JNT wasn’t happy with Saward’s ending (the Doctor and the Valeyard were trapped, apparently for ever, in a Time Vent) and asked for it to be changed. Saward refused and then resigned as script editor, taking his script with him. He also attempted to stop his section of episode thirteen from being used, but was unsuccessful.
Pip and Jane Baker were commissioned to write a new concluding episode. For copyright reasons they couldn’t be given any details of Saward’s script. So all they had to go on was episode thirteen and to make matters worse they had only a few days to deliver a workable episode.
Holmes’ section of episode thirteen runs up until the Doctor enters the Matrix. After that (with one exception) the rest was scripted by Saward. What’s interesting about Holmes’ scenes is how he takes yet another opportunity to tarnish the reputation of the Time Lords. Holmes had started this process some ten years earlier with The Deadly Assassin. And in many ways, The Ultimate Foe is really The Deadly Assassin II.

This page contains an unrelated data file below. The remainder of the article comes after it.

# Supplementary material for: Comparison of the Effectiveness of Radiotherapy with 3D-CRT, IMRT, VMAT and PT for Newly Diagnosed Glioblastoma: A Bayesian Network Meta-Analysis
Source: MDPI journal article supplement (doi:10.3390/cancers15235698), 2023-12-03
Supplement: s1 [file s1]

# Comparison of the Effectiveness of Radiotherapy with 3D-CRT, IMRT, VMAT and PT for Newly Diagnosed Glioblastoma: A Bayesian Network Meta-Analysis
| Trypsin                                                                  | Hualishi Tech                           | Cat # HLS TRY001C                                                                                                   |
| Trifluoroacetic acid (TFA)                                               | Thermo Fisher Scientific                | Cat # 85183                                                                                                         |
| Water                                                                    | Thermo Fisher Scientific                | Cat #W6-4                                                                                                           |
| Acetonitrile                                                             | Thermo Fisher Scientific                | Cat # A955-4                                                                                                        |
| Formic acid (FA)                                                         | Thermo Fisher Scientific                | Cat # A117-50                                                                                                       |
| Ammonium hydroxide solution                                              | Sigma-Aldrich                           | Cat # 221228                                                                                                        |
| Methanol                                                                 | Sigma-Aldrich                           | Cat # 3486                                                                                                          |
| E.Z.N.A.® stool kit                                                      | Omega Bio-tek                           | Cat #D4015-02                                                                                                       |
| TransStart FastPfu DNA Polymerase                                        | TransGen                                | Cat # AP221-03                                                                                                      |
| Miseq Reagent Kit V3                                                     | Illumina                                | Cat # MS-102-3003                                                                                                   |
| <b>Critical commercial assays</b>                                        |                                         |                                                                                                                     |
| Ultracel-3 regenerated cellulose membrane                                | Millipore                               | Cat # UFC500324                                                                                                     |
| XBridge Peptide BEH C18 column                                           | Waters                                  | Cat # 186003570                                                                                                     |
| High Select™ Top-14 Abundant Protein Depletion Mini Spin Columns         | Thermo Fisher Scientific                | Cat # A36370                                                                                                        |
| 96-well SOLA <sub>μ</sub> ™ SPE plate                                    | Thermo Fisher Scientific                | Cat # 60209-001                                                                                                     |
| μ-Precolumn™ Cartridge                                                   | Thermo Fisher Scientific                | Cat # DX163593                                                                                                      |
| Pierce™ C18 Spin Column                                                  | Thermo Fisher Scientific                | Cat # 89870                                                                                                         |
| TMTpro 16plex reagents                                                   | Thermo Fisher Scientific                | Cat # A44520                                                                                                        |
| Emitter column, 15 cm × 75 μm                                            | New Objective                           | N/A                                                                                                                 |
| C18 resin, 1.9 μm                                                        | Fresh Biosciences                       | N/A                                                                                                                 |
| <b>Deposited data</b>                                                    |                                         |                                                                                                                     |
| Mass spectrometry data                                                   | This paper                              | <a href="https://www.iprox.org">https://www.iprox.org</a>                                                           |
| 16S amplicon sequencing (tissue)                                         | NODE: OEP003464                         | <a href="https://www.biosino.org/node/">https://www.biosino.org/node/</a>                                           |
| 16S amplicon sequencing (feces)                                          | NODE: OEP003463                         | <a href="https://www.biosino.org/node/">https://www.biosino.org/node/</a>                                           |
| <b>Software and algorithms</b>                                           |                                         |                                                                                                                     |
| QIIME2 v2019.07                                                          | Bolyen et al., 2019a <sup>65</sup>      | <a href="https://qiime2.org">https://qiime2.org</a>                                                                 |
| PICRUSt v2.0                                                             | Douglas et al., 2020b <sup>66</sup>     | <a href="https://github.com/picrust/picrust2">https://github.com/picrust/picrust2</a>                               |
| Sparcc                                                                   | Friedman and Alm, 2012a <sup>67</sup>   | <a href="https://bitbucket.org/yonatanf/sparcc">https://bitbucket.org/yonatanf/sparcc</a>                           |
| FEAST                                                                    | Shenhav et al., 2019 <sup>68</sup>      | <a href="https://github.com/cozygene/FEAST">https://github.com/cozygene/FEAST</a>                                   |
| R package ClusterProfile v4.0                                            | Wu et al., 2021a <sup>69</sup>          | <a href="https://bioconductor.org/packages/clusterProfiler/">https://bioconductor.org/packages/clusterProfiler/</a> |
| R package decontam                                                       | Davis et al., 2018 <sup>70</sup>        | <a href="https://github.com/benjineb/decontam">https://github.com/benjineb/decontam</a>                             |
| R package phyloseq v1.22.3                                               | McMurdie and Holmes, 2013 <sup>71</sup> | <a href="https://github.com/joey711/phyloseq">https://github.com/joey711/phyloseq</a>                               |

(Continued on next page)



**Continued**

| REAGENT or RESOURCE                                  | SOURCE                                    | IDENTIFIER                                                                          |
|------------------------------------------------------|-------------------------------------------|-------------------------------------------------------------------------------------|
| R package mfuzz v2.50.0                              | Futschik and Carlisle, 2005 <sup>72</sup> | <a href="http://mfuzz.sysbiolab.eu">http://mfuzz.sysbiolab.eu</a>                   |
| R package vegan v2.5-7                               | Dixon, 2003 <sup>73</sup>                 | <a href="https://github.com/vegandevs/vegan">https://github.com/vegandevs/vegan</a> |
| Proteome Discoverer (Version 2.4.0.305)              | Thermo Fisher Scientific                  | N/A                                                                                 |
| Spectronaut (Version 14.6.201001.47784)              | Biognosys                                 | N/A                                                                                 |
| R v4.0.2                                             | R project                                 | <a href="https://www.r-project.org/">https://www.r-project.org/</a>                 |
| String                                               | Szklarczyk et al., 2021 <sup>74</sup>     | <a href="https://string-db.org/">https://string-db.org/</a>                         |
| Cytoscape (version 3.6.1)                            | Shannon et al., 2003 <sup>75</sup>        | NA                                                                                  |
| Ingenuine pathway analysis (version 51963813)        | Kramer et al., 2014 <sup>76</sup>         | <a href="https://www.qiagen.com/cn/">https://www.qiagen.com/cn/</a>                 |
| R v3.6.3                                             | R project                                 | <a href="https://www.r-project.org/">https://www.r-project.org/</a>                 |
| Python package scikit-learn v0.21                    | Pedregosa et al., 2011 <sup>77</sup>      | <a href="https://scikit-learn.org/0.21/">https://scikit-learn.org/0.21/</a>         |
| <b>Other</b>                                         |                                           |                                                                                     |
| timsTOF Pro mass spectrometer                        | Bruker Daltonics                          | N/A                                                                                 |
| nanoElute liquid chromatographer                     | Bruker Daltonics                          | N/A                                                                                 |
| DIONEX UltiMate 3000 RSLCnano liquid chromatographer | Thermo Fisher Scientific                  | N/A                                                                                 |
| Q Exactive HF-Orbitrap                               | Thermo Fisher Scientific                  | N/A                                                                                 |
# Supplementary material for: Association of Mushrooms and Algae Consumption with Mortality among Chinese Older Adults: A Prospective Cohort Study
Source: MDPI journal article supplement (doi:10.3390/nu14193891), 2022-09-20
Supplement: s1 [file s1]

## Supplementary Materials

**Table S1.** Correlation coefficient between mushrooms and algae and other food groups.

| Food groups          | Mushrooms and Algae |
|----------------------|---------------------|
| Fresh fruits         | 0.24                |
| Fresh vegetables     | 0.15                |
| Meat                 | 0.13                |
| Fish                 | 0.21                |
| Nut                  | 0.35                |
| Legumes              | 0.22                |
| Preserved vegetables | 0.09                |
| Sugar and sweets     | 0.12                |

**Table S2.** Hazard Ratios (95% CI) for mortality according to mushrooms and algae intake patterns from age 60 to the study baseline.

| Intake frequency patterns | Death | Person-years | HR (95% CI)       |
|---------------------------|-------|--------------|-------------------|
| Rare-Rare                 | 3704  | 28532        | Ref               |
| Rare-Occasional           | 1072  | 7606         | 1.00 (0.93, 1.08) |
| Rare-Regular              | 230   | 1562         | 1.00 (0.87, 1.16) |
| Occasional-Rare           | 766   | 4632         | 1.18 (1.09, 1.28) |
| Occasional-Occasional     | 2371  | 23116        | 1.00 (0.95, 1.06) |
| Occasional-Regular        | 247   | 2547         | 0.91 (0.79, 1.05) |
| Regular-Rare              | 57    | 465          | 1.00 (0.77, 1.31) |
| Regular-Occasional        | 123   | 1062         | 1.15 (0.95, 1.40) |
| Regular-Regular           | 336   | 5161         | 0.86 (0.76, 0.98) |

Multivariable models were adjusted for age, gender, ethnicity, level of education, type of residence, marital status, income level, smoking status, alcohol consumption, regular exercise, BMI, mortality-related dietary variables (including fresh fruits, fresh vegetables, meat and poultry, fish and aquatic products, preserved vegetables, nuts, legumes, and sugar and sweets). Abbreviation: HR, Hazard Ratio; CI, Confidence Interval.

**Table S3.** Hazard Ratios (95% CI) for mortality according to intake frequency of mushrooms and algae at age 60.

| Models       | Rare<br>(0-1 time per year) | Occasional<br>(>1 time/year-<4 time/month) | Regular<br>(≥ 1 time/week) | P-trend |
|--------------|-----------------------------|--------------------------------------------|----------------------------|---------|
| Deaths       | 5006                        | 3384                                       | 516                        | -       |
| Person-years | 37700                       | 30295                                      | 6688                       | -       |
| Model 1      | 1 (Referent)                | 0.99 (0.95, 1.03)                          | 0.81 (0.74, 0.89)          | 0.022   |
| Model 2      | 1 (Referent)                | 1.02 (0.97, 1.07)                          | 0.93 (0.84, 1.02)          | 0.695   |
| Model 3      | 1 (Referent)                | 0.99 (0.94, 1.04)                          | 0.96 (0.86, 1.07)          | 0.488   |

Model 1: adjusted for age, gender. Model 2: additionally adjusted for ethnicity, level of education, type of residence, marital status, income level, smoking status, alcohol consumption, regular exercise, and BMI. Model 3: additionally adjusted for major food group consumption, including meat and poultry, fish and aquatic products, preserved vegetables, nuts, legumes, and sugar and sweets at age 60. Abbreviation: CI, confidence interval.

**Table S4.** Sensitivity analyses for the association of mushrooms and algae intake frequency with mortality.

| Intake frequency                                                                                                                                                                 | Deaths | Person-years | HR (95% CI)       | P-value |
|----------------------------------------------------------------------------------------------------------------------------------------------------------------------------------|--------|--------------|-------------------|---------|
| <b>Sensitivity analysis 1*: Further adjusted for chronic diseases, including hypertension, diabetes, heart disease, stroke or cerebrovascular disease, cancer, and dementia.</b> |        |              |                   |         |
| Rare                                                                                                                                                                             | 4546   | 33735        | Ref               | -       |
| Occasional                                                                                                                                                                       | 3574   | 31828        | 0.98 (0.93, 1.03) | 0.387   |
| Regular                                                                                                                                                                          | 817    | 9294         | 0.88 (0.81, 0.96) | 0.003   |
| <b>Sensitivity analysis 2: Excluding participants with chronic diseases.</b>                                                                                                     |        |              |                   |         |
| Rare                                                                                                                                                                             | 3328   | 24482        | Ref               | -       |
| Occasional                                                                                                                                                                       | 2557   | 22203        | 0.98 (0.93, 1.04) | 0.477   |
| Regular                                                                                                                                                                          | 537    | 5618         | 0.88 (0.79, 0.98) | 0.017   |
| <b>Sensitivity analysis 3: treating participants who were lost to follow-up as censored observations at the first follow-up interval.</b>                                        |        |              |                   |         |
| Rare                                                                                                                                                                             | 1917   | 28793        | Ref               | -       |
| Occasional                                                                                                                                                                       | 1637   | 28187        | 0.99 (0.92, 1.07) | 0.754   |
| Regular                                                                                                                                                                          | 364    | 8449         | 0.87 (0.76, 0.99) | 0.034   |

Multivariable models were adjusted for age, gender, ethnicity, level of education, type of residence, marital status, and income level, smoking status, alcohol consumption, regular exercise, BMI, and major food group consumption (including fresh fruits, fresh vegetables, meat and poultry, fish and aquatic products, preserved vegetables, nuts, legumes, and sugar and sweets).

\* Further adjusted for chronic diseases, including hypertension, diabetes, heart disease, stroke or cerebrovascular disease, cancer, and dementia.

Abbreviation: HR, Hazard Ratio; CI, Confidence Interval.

Episode thirteen answers some of the unanswered questions from The Mysterious Planet (although it’s debatable how many people actually remembered the points that are tidied up). Glitz and Mel are called as star witnesses and the Master pops up. I love the reveal of Ainley on the Matrix screen as well as his comment that he’s been sat in the Matrix watching everything and “enjoying myself enormously”.
All of the Time Lords’ dirty schemes are revealed (they’re somewhat complicated it has to be said) and there then follows a scene which could have been a game-changer in the direction of the series.
MASTER: You have an endearing habit of blundering into these things, Doctor, and the High Council took full advantage of your blunder.
INQUISITOR: Explain that.
MASTER: They made a deal with the Valeyard, or as I’ve always known him, the Doctor, to adjust the evidence, in return for which he was promised the remainder of the Doctor’s regenerations.
VALEYARD: This is clearly
DOCTOR: Just a minute! Did you call him the Doctor?
MASTER: There is some evil in all of us, Doctor, even you. The Valeyard is an amalgamation of the darker sides of your nature, somewhere between your twelfth and final incarnation. And I may say, you do not improve with age.
The origin of the Valeyard is something of a mystery and is never addressed. There was further mileage in an evil anti-Doctor (possibly taking over from the Master as the Doctor’s main nemesis) but it was never explored again (on television at least). But these two episodes do give Michael Jayston a chance to flex his acting muscles (and lose the hat!) and whilst the Valeyard never develops beyond a fairly stereotypical villain, Jayston does give him a bit of class.